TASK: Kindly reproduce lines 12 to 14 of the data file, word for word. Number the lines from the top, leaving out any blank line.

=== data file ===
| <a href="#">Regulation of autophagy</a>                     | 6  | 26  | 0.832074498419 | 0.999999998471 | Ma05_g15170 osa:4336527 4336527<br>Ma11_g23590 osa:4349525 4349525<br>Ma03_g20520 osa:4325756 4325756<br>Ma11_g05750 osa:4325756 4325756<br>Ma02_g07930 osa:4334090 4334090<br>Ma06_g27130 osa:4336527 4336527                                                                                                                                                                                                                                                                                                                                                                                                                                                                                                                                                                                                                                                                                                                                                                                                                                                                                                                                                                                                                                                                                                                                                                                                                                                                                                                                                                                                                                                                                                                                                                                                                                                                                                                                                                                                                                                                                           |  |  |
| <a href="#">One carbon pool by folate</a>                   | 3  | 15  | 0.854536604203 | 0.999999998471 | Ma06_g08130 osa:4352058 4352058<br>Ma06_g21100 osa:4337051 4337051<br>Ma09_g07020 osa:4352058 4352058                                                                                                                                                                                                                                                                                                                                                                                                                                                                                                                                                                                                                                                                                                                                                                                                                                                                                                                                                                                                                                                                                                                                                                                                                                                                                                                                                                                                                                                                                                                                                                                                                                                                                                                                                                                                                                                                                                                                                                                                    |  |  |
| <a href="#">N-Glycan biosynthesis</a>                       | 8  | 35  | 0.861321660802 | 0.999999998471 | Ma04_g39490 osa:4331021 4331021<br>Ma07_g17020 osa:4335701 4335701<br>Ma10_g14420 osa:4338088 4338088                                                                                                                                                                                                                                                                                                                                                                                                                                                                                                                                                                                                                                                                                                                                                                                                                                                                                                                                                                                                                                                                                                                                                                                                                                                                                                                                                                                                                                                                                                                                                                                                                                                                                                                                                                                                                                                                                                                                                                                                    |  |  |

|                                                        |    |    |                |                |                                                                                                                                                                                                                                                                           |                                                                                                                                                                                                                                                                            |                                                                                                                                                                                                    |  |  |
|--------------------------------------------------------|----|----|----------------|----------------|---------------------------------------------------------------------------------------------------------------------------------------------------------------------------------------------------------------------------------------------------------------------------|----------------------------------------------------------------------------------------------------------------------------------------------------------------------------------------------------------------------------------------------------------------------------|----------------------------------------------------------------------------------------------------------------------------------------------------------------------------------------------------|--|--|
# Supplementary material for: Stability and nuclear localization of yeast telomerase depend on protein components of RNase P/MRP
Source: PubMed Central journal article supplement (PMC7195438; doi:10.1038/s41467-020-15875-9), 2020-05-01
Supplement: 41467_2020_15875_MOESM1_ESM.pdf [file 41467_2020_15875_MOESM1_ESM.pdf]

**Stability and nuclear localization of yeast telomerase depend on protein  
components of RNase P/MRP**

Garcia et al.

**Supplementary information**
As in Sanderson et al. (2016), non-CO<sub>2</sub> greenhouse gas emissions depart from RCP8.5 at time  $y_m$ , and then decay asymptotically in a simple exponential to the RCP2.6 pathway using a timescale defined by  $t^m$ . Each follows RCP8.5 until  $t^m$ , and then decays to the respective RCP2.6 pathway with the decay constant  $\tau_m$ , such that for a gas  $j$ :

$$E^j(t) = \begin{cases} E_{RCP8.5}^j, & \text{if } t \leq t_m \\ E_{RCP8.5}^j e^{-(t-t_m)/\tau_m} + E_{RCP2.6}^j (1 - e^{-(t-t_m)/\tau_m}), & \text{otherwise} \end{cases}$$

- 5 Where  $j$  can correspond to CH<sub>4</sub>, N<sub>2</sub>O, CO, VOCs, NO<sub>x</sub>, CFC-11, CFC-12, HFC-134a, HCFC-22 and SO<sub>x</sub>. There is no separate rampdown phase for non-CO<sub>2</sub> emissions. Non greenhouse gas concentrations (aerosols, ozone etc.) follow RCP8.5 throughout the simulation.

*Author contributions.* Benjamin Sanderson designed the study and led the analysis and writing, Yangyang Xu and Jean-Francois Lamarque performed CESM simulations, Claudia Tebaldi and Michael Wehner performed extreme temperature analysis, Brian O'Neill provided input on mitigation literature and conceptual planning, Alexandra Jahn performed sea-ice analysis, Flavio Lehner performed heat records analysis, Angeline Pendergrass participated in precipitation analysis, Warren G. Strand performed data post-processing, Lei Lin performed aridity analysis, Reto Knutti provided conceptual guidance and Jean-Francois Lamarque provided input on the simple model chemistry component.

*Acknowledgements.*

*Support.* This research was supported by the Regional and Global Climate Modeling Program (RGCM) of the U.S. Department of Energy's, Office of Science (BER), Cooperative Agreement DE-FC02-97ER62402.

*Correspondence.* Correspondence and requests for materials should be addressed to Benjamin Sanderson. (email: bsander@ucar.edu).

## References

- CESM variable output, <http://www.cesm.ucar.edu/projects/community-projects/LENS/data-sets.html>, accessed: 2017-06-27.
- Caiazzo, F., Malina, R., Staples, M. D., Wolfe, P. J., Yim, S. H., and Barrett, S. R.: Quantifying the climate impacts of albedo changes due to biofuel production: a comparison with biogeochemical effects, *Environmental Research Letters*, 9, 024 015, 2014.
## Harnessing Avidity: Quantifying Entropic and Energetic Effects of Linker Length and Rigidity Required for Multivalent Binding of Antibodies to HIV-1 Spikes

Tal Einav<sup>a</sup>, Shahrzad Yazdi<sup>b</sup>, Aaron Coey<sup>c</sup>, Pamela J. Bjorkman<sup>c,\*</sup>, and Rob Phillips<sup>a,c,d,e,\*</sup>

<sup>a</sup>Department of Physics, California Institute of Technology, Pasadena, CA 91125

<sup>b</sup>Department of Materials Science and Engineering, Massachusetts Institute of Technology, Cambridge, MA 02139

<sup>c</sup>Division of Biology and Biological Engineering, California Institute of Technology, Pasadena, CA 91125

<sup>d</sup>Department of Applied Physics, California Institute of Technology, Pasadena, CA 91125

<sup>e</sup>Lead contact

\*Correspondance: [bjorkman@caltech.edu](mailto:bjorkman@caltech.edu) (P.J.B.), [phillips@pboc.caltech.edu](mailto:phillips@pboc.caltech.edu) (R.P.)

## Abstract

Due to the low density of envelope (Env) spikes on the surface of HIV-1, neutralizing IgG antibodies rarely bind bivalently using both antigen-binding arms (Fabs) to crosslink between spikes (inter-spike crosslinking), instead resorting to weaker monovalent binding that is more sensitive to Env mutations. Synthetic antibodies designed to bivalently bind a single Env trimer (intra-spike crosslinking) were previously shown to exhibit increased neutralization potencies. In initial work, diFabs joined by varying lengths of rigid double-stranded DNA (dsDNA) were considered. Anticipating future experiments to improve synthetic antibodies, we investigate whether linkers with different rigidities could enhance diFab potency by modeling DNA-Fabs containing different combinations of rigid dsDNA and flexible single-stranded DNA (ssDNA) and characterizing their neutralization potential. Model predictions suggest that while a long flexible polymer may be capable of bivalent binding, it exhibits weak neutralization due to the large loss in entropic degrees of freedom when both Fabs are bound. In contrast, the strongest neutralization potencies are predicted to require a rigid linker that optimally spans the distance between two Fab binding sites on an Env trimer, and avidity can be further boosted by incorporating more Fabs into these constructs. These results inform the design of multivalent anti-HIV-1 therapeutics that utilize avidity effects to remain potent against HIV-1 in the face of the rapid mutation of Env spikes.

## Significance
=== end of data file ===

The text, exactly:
**Supplementary information**
As in Sanderson et al. (2016), non-CO<sub>2</sub> greenhouse gas emissions depart from RCP8.5 at time  $y_m$ , and then decay asymptotically in a simple exponential to the RCP2.6 pathway using a timescale defined by  $t^m$ . Each follows RCP8.5 until  $t^m$ , and then decays to the respective RCP2.6 pathway with the decay constant  $\tau_m$ , such that for a gas  $j$ :

$$E^j(t) = \begin{cases} E_{RCP8.5}^j, & \text{if } t \leq t_m \\ E_{RCP8.5}^j e^{-(t-t_m)/\tau_m} + E_{RCP2.6}^j (1 - e^{-(t-t_m)/\tau_m}), & \text{otherwise} \end{cases}$$